Submitted by admin on Wed, 04/27/2011 - 02:53
In the weeks leading up to school-based deworming, the program should be communicated throughout the community, and particularly to children, parents, teachers, community leaders, religious leaders and local officials. Specific information to convey includes the benefits and safety of deworming, program dates and encouragement of non-enrolled children, and the possibility of minor side effects in children with heavy worm loads.
Good awareness campaigns build local support and ownership of the program, and are vital to the success and sustainability of school-based deworming. They encourage good turn out on deworming day, including younger siblings and non-enrolled children, and prevent confusion or hysteria if uninformed about the program or potential side effects of deworming.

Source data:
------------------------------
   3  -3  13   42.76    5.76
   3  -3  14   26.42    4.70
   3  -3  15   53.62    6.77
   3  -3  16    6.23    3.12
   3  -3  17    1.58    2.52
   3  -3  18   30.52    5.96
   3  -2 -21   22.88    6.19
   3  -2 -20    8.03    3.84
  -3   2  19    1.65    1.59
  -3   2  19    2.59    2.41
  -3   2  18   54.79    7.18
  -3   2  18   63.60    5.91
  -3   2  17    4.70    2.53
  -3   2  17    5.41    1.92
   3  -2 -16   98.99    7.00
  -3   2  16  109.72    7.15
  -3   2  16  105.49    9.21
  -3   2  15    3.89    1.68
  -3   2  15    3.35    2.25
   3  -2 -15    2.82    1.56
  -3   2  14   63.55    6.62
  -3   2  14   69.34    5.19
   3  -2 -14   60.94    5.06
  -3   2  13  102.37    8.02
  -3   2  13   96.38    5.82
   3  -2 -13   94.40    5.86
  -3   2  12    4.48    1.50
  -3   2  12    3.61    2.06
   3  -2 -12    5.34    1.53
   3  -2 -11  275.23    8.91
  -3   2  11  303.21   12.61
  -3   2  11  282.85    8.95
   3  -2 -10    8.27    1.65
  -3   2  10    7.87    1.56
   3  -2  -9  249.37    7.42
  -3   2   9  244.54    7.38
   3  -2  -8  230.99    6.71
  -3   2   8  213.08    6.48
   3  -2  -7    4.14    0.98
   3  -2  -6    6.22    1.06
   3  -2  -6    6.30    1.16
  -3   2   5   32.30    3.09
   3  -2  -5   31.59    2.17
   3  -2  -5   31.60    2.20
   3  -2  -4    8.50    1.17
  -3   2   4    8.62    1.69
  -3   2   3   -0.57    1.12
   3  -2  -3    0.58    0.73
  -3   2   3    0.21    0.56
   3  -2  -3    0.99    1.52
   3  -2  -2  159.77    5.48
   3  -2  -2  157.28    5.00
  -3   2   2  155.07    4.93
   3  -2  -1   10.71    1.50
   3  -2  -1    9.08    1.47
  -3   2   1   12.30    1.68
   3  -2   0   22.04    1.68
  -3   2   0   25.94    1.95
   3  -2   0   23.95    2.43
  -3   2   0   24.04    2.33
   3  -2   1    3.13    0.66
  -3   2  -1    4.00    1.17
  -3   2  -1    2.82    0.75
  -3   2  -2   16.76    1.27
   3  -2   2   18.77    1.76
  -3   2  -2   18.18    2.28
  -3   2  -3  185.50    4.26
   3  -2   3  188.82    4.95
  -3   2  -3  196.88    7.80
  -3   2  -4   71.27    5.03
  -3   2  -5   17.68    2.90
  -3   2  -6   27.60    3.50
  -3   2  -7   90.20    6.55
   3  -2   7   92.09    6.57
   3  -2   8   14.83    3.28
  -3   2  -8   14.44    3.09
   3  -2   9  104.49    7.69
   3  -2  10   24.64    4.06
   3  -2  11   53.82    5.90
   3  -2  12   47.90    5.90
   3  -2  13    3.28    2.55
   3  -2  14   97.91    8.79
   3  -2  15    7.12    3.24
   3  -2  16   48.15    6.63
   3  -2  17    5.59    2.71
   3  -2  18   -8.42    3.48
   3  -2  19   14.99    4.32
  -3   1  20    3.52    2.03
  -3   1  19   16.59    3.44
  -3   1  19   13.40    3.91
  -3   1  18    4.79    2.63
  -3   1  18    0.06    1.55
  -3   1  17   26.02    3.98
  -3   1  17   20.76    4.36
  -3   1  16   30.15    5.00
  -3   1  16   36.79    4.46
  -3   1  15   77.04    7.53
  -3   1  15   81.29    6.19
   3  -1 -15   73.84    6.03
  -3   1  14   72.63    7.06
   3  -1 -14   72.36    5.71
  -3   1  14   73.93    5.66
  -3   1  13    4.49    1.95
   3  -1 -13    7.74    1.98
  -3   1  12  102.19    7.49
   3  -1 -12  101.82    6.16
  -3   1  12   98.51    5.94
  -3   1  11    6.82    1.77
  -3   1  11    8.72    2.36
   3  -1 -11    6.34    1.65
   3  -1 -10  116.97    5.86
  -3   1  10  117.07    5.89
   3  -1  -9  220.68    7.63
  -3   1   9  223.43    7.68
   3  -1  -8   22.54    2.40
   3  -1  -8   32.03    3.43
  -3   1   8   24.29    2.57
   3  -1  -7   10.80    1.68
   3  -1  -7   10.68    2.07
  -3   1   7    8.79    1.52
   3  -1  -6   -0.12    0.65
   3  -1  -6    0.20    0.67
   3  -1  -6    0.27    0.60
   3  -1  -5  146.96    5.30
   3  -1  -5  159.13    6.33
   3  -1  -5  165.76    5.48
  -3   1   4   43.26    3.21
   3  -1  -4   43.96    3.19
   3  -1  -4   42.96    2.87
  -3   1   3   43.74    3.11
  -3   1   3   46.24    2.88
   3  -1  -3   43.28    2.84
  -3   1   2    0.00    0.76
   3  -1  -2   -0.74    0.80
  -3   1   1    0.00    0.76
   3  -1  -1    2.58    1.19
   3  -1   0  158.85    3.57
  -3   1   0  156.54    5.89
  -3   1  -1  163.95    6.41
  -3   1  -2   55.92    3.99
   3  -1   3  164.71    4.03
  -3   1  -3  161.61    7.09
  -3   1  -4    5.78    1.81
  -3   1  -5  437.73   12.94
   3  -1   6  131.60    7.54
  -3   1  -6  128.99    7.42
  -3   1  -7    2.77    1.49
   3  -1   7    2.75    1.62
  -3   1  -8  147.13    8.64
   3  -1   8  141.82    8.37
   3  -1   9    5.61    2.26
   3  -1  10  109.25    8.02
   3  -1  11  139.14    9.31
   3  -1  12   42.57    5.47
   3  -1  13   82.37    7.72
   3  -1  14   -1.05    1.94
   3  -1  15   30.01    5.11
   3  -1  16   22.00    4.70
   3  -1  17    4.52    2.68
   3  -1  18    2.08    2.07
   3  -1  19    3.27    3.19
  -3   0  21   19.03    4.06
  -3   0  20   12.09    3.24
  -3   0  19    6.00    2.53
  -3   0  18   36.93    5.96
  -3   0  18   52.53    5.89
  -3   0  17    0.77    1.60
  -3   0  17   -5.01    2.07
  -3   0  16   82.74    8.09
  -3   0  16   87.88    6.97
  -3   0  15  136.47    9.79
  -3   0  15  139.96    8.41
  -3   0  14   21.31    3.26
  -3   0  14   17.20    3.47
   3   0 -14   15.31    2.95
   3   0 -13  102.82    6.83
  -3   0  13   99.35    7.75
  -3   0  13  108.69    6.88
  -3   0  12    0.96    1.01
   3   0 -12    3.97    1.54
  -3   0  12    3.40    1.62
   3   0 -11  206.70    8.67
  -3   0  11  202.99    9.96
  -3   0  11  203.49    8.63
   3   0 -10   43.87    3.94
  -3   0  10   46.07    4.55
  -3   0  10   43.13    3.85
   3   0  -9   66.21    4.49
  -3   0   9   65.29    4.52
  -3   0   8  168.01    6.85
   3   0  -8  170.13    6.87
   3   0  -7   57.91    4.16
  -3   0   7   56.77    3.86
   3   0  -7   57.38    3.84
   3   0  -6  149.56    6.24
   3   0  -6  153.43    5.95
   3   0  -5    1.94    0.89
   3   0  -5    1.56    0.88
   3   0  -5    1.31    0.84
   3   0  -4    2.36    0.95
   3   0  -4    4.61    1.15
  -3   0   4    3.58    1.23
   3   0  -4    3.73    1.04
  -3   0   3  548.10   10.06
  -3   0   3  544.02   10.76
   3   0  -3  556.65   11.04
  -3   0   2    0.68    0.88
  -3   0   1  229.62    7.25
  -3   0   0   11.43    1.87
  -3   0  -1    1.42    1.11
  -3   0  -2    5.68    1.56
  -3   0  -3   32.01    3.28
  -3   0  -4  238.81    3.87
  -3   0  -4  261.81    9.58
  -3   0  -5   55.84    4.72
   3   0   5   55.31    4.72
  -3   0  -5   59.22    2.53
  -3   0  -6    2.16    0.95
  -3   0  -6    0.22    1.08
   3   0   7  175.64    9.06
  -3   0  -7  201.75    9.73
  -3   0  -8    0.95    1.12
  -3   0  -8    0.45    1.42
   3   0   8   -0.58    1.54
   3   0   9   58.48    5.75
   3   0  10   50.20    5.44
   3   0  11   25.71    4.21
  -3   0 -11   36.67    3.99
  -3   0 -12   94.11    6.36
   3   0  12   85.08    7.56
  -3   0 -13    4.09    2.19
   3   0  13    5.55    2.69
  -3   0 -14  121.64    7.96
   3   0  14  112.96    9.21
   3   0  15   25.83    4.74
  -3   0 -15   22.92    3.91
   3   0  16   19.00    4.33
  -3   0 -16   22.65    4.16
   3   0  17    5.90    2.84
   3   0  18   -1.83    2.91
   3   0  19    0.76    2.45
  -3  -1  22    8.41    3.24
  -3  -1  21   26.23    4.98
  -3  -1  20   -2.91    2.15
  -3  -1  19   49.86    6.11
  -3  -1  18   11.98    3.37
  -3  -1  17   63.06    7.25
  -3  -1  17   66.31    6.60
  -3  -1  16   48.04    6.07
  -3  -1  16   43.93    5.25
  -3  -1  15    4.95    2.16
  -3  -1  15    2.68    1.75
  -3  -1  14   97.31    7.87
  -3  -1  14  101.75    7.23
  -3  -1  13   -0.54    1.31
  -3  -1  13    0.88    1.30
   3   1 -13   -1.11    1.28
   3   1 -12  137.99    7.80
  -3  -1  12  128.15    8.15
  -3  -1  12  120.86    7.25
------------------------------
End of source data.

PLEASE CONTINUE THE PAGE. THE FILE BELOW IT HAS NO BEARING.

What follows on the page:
The campaign should be locally appropriate, including language and method of outreach, and employ a variety of approaches, for example:
- Press conferences and government media interviews
- National and local events such as parades or sports
- Newspaper reports, radio and television broadcasts;
- School and community posters, announcements and plays
- Meetings with and the endorsement of community leaders and associations, including the Parent Teacher Association or School Management Committees.